Stacy brings the personal together with the professional, culminating in her next chapter as the first Patient Ambassador on behalf of Parexel.

“My work is my life, and my life is my work,” she confessed. “I’m fortunate that a company sees value in this to help improve clinical trials for patients as well as inform and actively engage their clients.”

“I live this life and people in the health care industry – payors,  policymakers, suppliers, providers – need to know that story from the inside.”

Parexel is a Clinical Research Organization that crafts and conducts clinical trials on behalf of life science companies.

Parexel discovered Stacy who was delivering a keynote speech at DPHARM 2021. Following the program, the company asked her to give a talk at their global leadership summit in January 2022.

After Stacy appeared in the company’s town hall, members of the organization contacted her to follow up with another speaking engagement on their podcast for Rare Disease Day…and that was the origin story of her evolution as Patient Ambassador with Parexel.

 

 

 

 

 

 

Officially, Stacy will play a consultative role within Parexel, guiding the design and delivery of patient-centered clinical trials. Her over-arching objective is to scale and sustain change in life sciences that brings the patient voice to research and commercialization for life-saving products.

So what’s the future of “Patient Ambassadors,” I asked one of the first in the marketplace.

Stacy foresees that every life science company will embed the patient leadership role in their organizations. Furthermore, she believes every health care enterprise should engage executives who identify as “patients” in management positions – in health systems, health plans, and provider systems.

“Every key stakeholder group in health care should have a Chief Patient Officer,” Stacy envisioned.

Why should this be an imperative?

Stacy responded through a personal story about dealing with a health plan that denied one of her family’s medical claims.

She was sitting in a closed-door room with a complement of medical directors and legal staff who, in her words, “had never walked a step in patients’ shoes,” yet they are denying claims, making these life-and-death decisions.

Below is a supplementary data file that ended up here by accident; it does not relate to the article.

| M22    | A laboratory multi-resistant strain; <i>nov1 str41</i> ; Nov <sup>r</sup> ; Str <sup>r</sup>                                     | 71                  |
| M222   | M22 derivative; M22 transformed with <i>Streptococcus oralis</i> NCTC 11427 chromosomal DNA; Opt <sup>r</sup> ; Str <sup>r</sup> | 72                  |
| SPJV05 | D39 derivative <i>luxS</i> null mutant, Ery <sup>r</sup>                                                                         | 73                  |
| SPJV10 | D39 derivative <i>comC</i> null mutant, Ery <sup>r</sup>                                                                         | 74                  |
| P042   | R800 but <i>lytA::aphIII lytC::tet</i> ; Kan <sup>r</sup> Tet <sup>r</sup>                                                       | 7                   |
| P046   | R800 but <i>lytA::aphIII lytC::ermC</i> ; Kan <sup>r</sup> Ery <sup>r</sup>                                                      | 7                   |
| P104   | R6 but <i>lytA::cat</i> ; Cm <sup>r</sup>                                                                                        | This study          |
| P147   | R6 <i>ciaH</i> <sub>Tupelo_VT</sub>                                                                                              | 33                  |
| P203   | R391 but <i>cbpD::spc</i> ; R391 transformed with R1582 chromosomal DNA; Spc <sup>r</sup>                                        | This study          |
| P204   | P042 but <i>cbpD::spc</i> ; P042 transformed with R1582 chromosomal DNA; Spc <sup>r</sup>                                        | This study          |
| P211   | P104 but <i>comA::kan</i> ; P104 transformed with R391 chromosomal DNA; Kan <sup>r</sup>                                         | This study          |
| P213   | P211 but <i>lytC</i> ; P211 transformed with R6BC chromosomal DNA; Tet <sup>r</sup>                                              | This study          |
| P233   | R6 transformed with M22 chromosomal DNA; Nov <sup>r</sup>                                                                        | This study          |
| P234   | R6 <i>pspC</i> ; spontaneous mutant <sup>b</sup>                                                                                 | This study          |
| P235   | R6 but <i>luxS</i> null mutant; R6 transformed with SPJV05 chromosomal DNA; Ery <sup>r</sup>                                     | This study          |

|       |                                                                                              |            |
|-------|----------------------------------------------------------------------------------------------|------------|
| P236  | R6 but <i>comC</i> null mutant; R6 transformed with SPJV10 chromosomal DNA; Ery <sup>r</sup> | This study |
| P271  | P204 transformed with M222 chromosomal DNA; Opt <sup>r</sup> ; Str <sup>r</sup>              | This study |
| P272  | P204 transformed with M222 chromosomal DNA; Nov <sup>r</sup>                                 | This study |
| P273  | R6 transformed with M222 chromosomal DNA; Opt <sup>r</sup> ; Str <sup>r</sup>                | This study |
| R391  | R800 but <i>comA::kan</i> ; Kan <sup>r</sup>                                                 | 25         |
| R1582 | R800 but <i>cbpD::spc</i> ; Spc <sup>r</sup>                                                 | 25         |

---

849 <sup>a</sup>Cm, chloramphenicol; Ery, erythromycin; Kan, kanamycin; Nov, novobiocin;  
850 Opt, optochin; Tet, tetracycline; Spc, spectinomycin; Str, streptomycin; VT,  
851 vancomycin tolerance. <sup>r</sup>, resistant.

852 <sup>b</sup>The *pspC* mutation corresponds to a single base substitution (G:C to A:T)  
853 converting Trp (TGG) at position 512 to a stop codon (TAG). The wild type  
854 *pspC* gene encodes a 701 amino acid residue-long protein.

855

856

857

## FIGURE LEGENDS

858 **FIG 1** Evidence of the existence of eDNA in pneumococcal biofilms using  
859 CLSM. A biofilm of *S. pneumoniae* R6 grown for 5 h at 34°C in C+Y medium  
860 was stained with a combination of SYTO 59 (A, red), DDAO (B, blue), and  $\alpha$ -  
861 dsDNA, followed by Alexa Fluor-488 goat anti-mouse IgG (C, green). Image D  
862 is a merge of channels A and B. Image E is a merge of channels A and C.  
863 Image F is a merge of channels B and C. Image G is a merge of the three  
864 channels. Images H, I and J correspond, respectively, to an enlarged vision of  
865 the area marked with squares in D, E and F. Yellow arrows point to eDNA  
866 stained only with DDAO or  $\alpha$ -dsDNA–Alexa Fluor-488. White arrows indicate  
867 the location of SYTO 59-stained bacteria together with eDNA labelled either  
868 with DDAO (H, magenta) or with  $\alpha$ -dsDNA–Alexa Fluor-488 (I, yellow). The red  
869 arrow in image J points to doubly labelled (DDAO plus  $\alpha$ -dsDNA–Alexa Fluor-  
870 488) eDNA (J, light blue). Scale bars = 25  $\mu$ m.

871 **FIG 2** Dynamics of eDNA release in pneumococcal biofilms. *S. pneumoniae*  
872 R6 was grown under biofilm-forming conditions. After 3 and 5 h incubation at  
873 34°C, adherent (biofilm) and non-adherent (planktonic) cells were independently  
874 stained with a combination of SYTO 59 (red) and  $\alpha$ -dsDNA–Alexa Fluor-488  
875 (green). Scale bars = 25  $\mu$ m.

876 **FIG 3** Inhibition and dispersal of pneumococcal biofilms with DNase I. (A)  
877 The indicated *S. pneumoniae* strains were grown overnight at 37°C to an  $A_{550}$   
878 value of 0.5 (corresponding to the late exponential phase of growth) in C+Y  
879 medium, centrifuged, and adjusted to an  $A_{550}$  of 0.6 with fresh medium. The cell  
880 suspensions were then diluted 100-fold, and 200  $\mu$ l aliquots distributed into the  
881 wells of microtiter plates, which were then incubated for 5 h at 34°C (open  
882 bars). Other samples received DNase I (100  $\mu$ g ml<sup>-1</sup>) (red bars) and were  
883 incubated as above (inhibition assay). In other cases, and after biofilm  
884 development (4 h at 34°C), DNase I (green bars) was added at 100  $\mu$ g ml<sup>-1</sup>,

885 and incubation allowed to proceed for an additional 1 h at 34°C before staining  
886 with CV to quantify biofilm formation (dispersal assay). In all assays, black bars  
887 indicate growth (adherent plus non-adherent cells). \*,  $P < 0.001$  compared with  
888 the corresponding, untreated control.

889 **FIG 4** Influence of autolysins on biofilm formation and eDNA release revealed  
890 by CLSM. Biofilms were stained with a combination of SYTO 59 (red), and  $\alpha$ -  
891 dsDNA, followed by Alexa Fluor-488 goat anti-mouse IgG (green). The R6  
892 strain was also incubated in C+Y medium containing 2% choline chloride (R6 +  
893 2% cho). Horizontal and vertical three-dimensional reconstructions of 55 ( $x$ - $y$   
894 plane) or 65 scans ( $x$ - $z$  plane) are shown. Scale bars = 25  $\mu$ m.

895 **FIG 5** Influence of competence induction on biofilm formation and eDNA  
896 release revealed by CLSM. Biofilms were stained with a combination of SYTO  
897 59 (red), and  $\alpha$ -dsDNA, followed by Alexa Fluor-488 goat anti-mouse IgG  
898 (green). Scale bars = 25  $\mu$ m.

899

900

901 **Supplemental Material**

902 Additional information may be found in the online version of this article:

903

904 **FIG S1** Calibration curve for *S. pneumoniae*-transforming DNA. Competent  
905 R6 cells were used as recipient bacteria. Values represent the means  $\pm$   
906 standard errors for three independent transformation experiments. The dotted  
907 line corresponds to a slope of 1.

Stacy was fighting for home nursing services for Emmett. “I looked at them and asked, ‘Do any of you have a special needs child, disabled, who relies on you entirely for their life?’”

That would be, collectively, a “no.”

“I said, OK, great. You are all welcome to come to my house and spend a day with me. Come on over tomorrow and see what I do. Take a field trip,” she proposed to them.

There were no takers.

She concluded our chat with a vision and a hope: “I want a whole army of Stacy’s out there serving this role across every health care entity to improve equity, access, and outcomes.”

No doubt Stacy will continue to inspire that army of emerging executive patient advocates. Her email box and Twitter messages attest to a growing cadre of people (#TeamStacy) who want to be part of that influence and revolution.

Follow the ongoing adventures of Stacy as Patient Ambassador and Caregiver at her blog site, https://stacyhurt.net/

1 Comment on The Evolution of a Patient Ambassador – Learning from Stacy Hurt

Debbie Farrier said : Guest Report 6 months ago

Hi Stacy, I’m your sister in law Lisa’s aunt. I have a friend that has a disabled daughter who is now 50 years old. She is non verbal and is totally dependent on her parents to care for her. Durning the pandemic her school was closed. Now her parents are with her 24 hours a day. They have a caregiver that comes to their home on Friday evenings for a few hours that is the only break they get. If you could give me information on getting them the help that they need I would really appreciate it! Thanks!